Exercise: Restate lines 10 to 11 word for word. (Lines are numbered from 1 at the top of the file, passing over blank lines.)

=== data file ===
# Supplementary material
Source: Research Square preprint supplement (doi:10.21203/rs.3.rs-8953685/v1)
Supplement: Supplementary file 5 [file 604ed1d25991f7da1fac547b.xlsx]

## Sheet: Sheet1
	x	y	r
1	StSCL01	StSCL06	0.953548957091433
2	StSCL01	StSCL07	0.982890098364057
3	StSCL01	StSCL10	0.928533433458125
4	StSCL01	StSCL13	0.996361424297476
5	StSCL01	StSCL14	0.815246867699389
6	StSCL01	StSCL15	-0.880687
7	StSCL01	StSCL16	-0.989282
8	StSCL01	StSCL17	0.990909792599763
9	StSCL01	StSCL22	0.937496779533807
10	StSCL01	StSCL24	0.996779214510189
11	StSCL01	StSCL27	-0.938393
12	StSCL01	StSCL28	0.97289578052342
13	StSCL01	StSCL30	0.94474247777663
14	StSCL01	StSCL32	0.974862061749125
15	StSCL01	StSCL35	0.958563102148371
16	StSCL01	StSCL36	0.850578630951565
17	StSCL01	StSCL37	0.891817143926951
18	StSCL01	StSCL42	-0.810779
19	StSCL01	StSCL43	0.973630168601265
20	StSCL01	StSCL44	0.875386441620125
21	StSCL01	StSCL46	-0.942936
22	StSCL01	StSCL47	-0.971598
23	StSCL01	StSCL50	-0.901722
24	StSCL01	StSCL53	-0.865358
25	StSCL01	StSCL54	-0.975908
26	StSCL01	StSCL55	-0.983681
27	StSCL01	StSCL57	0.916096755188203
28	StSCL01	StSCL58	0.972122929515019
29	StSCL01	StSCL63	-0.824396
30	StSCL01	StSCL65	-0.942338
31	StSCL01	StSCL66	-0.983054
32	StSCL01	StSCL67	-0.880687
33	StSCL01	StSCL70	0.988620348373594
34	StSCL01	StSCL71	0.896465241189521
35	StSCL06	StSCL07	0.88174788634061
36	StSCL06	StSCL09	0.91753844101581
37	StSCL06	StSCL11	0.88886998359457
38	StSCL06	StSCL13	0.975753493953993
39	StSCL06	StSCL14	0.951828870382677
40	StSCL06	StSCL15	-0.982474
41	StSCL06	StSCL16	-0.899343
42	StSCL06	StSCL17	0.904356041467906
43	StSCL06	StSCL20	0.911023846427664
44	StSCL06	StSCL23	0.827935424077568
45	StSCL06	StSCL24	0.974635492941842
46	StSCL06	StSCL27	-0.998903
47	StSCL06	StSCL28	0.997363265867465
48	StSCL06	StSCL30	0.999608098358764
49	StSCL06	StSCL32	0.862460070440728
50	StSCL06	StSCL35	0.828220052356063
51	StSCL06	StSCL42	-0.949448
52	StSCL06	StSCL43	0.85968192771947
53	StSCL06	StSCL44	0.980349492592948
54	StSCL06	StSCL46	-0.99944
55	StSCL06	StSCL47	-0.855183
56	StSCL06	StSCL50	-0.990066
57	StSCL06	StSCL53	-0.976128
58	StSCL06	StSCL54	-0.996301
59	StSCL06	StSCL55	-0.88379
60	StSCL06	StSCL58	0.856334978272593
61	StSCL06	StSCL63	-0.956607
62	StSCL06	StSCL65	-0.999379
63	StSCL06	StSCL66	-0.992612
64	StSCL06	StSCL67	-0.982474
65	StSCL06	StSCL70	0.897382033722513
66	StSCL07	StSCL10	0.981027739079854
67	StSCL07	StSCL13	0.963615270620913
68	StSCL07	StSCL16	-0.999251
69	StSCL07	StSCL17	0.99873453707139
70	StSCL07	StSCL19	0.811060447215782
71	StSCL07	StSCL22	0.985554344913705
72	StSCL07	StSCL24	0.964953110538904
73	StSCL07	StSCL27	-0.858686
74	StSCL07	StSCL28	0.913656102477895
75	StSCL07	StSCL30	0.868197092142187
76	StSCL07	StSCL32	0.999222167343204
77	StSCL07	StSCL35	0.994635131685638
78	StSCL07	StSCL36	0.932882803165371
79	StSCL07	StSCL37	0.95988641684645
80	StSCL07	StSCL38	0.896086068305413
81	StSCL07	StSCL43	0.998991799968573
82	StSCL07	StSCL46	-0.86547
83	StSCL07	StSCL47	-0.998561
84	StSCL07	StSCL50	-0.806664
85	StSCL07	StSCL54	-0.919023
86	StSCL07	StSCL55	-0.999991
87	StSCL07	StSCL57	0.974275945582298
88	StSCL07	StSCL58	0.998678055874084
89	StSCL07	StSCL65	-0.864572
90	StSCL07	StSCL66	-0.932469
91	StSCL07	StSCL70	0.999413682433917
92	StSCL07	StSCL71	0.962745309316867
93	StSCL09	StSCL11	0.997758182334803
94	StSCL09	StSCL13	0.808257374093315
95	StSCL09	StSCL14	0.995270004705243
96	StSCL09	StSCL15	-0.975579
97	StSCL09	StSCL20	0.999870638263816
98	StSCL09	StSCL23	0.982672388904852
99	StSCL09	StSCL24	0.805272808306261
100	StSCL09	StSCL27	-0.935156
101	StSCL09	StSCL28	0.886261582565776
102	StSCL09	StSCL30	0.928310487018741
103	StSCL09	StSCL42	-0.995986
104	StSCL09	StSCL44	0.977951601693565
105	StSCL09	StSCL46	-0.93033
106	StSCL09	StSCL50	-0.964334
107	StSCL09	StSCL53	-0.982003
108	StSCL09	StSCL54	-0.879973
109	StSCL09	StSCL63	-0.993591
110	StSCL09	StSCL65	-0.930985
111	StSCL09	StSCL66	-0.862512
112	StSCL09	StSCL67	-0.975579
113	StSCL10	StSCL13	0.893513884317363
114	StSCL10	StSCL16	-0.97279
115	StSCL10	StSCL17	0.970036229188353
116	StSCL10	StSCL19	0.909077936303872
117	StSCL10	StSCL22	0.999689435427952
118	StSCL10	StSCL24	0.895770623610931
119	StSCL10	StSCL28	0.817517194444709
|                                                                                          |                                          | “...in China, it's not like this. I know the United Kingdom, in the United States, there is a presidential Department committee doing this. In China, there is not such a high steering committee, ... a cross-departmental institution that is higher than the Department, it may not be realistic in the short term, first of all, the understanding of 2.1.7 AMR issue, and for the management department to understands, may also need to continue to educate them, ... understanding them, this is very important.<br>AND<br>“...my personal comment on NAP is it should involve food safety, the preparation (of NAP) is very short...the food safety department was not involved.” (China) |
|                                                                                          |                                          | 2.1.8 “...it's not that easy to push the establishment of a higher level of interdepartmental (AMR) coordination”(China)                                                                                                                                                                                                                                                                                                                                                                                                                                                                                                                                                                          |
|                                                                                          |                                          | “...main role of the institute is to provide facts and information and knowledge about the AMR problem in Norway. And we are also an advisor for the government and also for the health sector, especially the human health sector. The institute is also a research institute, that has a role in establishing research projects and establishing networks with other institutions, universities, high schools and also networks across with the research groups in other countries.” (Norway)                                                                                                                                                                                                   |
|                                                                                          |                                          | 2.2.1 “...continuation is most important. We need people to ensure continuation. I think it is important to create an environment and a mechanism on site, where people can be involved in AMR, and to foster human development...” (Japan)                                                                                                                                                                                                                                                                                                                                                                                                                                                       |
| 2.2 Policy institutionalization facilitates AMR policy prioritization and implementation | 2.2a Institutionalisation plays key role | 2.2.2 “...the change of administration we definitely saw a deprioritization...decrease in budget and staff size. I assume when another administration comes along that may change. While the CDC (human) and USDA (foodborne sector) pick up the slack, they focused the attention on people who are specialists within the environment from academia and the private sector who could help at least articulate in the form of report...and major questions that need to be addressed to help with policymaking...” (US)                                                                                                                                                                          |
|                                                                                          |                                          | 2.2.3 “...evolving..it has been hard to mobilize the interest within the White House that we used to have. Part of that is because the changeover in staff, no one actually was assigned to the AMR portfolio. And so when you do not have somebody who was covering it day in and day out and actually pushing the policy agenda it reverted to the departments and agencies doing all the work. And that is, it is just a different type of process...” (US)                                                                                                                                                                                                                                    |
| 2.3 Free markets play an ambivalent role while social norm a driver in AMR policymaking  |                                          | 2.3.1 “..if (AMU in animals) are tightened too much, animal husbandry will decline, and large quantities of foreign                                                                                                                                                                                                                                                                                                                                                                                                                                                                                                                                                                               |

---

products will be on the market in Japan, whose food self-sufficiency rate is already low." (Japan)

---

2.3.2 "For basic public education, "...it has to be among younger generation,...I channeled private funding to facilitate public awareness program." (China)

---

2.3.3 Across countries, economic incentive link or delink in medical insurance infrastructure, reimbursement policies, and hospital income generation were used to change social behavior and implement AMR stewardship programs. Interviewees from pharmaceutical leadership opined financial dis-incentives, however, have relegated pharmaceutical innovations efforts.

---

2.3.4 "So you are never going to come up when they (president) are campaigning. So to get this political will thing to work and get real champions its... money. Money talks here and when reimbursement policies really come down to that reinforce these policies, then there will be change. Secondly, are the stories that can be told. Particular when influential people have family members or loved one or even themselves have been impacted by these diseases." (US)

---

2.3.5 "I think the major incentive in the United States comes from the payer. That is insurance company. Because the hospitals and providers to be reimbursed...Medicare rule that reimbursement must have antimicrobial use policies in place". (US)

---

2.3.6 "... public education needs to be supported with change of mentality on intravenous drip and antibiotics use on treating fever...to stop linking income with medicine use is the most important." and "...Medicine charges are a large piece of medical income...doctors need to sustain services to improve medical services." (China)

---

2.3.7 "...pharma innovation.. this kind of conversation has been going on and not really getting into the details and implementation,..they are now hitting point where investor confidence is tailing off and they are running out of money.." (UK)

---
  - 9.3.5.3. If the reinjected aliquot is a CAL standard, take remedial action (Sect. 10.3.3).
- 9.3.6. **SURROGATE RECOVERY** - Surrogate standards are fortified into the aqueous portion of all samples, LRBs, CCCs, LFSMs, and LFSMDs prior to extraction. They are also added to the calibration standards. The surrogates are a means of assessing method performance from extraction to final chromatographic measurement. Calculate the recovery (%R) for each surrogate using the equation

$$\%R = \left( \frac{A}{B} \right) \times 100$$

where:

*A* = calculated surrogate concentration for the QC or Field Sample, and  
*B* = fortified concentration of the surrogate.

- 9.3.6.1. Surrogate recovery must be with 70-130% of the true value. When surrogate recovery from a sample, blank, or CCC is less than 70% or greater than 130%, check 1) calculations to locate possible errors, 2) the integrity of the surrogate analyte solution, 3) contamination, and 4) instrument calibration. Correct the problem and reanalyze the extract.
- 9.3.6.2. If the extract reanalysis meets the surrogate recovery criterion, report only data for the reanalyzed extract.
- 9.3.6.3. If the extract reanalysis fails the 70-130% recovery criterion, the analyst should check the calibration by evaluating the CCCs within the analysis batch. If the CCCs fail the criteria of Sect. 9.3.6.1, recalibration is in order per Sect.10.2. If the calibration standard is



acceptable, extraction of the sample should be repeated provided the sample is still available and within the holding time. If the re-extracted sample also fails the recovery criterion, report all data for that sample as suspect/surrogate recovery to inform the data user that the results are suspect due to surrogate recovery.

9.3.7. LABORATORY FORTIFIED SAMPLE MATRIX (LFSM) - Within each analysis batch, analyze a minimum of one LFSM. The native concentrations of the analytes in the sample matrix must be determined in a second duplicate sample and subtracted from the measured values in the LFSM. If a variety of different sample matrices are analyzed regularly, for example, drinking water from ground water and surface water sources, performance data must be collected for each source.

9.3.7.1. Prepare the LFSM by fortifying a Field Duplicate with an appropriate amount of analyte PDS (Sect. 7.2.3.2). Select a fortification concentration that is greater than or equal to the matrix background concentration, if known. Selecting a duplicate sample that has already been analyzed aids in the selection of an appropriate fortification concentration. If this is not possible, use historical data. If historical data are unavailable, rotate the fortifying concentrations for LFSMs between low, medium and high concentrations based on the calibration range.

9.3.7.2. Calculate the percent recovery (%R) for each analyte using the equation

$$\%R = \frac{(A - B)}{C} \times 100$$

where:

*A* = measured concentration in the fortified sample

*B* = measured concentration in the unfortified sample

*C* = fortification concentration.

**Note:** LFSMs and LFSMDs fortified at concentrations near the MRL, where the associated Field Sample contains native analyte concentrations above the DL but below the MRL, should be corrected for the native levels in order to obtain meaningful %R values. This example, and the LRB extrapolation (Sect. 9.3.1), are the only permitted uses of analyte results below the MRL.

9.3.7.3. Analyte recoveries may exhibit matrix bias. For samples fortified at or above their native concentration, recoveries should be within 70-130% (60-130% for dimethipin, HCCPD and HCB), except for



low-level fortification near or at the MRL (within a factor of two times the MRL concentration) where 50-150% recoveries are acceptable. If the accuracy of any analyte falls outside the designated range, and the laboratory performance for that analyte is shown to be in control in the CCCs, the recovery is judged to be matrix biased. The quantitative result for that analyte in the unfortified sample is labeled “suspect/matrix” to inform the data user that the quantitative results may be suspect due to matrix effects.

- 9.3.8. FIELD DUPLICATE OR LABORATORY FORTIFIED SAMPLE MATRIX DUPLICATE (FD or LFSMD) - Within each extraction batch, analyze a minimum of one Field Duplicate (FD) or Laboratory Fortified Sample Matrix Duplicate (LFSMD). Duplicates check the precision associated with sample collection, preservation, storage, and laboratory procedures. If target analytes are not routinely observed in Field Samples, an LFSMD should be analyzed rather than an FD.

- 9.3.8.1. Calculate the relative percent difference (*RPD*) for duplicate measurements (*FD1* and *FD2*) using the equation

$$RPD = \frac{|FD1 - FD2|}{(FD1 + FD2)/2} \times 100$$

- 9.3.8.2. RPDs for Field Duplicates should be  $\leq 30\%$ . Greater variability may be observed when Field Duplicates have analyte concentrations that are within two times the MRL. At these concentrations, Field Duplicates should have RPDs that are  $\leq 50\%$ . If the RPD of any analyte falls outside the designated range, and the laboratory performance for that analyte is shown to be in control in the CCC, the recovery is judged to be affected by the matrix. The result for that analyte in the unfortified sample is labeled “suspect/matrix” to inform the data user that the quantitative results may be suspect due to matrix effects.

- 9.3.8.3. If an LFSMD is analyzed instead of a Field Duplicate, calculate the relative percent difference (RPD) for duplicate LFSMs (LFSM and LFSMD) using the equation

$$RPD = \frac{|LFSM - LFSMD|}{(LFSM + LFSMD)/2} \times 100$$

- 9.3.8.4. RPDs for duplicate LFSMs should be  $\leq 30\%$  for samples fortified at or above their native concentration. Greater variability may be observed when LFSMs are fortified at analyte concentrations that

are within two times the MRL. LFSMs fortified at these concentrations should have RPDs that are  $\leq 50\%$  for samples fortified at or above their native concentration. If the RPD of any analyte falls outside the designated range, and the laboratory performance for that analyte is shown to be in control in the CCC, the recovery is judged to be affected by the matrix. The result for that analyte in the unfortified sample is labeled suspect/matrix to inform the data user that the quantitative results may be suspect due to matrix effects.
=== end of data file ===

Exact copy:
5	StSCL01	StSCL14	0.815246867699389
6	StSCL01	StSCL15	-0.880687